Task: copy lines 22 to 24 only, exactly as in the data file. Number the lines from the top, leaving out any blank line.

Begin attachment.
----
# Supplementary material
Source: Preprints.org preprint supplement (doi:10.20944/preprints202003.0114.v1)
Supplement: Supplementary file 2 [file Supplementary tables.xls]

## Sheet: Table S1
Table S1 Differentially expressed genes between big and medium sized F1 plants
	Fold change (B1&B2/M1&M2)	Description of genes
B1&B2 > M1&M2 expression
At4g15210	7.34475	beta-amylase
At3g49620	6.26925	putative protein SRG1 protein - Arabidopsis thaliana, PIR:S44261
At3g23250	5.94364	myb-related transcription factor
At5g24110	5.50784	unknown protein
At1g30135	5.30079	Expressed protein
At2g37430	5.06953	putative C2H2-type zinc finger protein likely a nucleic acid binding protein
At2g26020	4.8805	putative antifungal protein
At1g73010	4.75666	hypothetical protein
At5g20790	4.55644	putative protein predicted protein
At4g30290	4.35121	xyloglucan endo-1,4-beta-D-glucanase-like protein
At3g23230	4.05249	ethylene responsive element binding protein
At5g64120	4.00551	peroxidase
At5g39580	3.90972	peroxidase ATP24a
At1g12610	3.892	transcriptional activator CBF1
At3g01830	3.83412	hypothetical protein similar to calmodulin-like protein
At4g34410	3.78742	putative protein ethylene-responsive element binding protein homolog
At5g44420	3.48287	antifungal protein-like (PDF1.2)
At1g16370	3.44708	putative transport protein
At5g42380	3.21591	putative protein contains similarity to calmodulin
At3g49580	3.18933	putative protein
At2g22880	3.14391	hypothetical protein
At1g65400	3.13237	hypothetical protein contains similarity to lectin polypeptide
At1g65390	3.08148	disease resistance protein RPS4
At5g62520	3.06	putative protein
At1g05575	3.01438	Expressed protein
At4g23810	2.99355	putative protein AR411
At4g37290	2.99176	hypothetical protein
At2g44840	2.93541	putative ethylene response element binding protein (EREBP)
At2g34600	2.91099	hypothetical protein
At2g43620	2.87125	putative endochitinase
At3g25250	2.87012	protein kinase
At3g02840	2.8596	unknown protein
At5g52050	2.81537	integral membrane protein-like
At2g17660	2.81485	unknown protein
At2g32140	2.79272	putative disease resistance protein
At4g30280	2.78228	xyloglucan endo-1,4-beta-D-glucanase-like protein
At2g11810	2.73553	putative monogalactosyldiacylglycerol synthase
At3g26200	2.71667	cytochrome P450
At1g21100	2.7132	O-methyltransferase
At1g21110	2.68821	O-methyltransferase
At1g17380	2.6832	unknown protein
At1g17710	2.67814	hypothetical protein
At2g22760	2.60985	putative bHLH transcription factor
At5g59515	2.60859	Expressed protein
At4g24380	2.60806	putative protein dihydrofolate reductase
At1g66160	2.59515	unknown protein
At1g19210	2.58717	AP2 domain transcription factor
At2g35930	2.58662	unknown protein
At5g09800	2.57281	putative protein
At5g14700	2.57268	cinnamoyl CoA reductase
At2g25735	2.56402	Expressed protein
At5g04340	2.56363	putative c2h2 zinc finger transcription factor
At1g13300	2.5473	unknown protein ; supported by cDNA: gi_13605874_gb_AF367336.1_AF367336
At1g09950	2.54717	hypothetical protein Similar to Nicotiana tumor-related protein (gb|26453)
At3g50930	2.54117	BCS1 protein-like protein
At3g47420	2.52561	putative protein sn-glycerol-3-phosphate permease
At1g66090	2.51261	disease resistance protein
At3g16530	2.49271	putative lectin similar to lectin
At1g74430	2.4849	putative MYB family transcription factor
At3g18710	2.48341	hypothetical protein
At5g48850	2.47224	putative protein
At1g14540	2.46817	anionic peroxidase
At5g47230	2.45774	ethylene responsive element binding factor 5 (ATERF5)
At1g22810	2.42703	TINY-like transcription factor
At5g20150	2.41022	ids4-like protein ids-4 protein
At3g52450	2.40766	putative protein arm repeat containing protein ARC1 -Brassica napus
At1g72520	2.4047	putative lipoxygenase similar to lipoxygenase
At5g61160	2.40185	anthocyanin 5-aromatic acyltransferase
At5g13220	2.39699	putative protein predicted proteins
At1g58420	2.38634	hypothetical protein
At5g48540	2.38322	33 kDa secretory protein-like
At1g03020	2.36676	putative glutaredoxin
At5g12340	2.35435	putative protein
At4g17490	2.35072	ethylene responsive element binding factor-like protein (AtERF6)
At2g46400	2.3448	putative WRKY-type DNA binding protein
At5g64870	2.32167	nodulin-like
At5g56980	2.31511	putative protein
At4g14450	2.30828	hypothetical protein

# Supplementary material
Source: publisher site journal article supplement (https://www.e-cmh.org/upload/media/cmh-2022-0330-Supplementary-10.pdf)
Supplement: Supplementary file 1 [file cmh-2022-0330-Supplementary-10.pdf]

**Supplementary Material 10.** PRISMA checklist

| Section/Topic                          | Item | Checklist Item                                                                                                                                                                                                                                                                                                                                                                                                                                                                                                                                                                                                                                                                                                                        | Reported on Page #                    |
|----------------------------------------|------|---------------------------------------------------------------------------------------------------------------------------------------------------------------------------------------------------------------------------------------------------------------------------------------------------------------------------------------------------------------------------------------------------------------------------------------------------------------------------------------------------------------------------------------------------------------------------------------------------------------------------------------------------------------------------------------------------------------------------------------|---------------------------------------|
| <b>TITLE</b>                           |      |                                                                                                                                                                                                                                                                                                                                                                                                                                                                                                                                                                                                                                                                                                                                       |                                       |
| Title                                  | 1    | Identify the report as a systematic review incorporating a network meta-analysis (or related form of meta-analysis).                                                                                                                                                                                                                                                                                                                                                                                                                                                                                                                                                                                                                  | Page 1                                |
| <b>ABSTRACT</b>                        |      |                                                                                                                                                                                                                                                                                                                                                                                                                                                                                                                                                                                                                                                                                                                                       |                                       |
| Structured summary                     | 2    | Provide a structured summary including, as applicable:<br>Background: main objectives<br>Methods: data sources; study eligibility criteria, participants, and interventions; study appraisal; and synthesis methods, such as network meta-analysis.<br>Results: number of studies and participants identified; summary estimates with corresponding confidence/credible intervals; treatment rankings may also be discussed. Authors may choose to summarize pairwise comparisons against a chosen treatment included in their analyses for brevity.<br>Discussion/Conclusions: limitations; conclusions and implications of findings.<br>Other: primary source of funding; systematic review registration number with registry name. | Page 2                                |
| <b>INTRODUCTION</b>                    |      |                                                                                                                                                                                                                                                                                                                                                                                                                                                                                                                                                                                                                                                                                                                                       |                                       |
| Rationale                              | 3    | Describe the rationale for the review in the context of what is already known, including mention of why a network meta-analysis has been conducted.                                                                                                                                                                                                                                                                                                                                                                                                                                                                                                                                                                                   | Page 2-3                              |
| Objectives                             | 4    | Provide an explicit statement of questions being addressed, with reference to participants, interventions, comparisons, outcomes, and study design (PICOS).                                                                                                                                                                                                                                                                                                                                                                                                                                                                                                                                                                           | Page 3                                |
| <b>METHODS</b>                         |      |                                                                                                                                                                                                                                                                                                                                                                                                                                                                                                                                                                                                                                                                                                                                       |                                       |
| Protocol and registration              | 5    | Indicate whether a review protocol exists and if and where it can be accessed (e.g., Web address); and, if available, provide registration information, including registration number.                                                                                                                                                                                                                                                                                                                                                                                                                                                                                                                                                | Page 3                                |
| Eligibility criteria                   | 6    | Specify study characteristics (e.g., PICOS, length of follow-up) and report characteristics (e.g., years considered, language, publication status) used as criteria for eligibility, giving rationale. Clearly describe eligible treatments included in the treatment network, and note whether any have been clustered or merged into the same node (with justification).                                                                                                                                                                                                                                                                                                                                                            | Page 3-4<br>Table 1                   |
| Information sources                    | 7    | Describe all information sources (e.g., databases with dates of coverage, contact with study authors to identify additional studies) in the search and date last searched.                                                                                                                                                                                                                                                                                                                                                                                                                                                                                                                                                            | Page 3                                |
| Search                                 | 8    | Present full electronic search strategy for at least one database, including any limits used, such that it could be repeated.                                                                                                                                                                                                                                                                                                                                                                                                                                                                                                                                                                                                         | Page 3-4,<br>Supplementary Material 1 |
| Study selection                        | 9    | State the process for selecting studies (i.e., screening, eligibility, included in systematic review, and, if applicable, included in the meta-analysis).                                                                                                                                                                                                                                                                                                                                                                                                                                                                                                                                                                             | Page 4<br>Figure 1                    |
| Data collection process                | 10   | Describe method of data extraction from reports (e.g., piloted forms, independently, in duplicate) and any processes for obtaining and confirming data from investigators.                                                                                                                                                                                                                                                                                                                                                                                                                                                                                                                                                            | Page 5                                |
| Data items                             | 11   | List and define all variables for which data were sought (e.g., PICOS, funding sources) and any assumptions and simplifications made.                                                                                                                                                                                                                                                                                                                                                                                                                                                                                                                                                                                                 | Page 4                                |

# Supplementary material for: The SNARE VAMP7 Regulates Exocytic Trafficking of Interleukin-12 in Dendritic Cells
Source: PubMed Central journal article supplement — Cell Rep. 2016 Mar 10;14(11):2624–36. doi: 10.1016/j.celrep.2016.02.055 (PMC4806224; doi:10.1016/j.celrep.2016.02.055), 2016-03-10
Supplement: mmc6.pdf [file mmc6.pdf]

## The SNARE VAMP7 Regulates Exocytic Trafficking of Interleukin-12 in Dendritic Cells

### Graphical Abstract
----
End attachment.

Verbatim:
At3g01830	3.83412	hypothetical protein similar to calmodulin-like protein
At4g34410	3.78742	putative protein ethylene-responsive element binding protein homolog
At5g44420	3.48287	antifungal protein-like (PDF1.2)